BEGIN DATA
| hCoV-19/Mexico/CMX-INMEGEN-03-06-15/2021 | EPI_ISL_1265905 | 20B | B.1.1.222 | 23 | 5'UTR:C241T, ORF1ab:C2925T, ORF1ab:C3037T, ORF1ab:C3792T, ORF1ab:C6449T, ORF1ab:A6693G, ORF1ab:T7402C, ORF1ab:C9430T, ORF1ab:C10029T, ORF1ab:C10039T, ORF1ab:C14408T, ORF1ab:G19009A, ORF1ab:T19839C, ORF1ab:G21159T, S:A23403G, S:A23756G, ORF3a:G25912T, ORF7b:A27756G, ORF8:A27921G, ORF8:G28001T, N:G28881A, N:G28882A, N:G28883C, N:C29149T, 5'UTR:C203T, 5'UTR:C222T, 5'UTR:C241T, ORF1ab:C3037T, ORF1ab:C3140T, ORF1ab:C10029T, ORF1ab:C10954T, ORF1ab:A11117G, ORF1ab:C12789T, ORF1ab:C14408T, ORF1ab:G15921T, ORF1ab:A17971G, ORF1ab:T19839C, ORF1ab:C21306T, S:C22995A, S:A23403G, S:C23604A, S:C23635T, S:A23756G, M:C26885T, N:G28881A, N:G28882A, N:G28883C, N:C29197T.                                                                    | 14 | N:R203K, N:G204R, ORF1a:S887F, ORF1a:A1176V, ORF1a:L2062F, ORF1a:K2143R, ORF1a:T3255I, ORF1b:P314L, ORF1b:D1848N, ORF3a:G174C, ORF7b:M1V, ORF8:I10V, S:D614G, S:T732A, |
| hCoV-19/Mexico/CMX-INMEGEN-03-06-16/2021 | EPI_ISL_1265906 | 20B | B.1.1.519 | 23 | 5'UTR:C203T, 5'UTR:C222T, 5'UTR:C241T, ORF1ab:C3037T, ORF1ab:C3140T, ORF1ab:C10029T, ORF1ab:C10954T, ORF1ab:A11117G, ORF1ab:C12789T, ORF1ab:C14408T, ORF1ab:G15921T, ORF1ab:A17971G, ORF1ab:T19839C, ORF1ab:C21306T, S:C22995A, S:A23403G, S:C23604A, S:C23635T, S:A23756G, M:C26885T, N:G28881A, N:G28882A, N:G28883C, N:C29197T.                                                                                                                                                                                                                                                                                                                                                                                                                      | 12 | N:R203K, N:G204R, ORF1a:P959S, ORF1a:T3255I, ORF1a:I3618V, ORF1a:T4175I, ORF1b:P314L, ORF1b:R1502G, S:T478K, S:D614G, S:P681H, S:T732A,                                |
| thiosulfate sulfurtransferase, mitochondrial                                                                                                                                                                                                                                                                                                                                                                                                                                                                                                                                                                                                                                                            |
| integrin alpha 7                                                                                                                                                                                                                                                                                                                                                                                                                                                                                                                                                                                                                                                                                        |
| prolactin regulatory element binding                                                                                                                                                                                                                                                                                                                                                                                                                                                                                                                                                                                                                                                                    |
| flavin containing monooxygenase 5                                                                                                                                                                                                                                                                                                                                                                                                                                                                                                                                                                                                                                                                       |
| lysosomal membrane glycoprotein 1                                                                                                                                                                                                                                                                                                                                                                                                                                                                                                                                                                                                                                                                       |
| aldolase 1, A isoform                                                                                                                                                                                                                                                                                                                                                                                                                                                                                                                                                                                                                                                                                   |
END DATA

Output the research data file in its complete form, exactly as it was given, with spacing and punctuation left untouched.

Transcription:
| hCoV-19/Mexico/CMX-INMEGEN-03-06-15/2021 | EPI_ISL_1265905 | 20B | B.1.1.222 | 23 | 5'UTR:C241T, ORF1ab:C2925T, ORF1ab:C3037T, ORF1ab:C3792T, ORF1ab:C6449T, ORF1ab:A6693G, ORF1ab:T7402C, ORF1ab:C9430T, ORF1ab:C10029T, ORF1ab:C10039T, ORF1ab:C14408T, ORF1ab:G19009A, ORF1ab:T19839C, ORF1ab:G21159T, S:A23403G, S:A23756G, ORF3a:G25912T, ORF7b:A27756G, ORF8:A27921G, ORF8:G28001T, N:G28881A, N:G28882A, N:G28883C, N:C29149T, 5'UTR:C203T, 5'UTR:C222T, 5'UTR:C241T, ORF1ab:C3037T, ORF1ab:C3140T, ORF1ab:C10029T, ORF1ab:C10954T, ORF1ab:A11117G, ORF1ab:C12789T, ORF1ab:C14408T, ORF1ab:G15921T, ORF1ab:A17971G, ORF1ab:T19839C, ORF1ab:C21306T, S:C22995A, S:A23403G, S:C23604A, S:C23635T, S:A23756G, M:C26885T, N:G28881A, N:G28882A, N:G28883C, N:C29197T.                                                                    | 14 | N:R203K, N:G204R, ORF1a:S887F, ORF1a:A1176V, ORF1a:L2062F, ORF1a:K2143R, ORF1a:T3255I, ORF1b:P314L, ORF1b:D1848N, ORF3a:G174C, ORF7b:M1V, ORF8:I10V, S:D614G, S:T732A, |
| hCoV-19/Mexico/CMX-INMEGEN-03-06-16/2021 | EPI_ISL_1265906 | 20B | B.1.1.519 | 23 | 5'UTR:C203T, 5'UTR:C222T, 5'UTR:C241T, ORF1ab:C3037T, ORF1ab:C3140T, ORF1ab:C10029T, ORF1ab:C10954T, ORF1ab:A11117G, ORF1ab:C12789T, ORF1ab:C14408T, ORF1ab:G15921T, ORF1ab:A17971G, ORF1ab:T19839C, ORF1ab:C21306T, S:C22995A, S:A23403G, S:C23604A, S:C23635T, S:A23756G, M:C26885T, N:G28881A, N:G28882A, N:G28883C, N:C29197T.                                                                                                                                                                                                                                                                                                                                                                                                                      | 12 | N:R203K, N:G204R, ORF1a:P959S, ORF1a:T3255I, ORF1a:I3618V, ORF1a:T4175I, ORF1b:P314L, ORF1b:R1502G, S:T478K, S:D614G, S:P681H, S:T732A,                                |
| thiosulfate sulfurtransferase, mitochondrial                                                                                                                                                                                                                                                                                                                                                                                                                                                                                                                                                                                                                                                            |
| integrin alpha 7                                                                                                                                                                                                                                                                                                                                                                                                                                                                                                                                                                                                                                                                                        |
| prolactin regulatory element binding                                                                                                                                                                                                                                                                                                                                                                                                                                                                                                                                                                                                                                                                    |
| flavin containing monooxygenase 5                                                                                                                                                                                                                                                                                                                                                                                                                                                                                                                                                                                                                                                                       |
| lysosomal membrane glycoprotein 1                                                                                                                                                                                                                                                                                                                                                                                                                                                                                                                                                                                                                                                                       |
| aldolase 1, A isoform                                                                                                                                                                                                                                                                                                                                                                                                                                                                                                                                                                                                                                                                                   |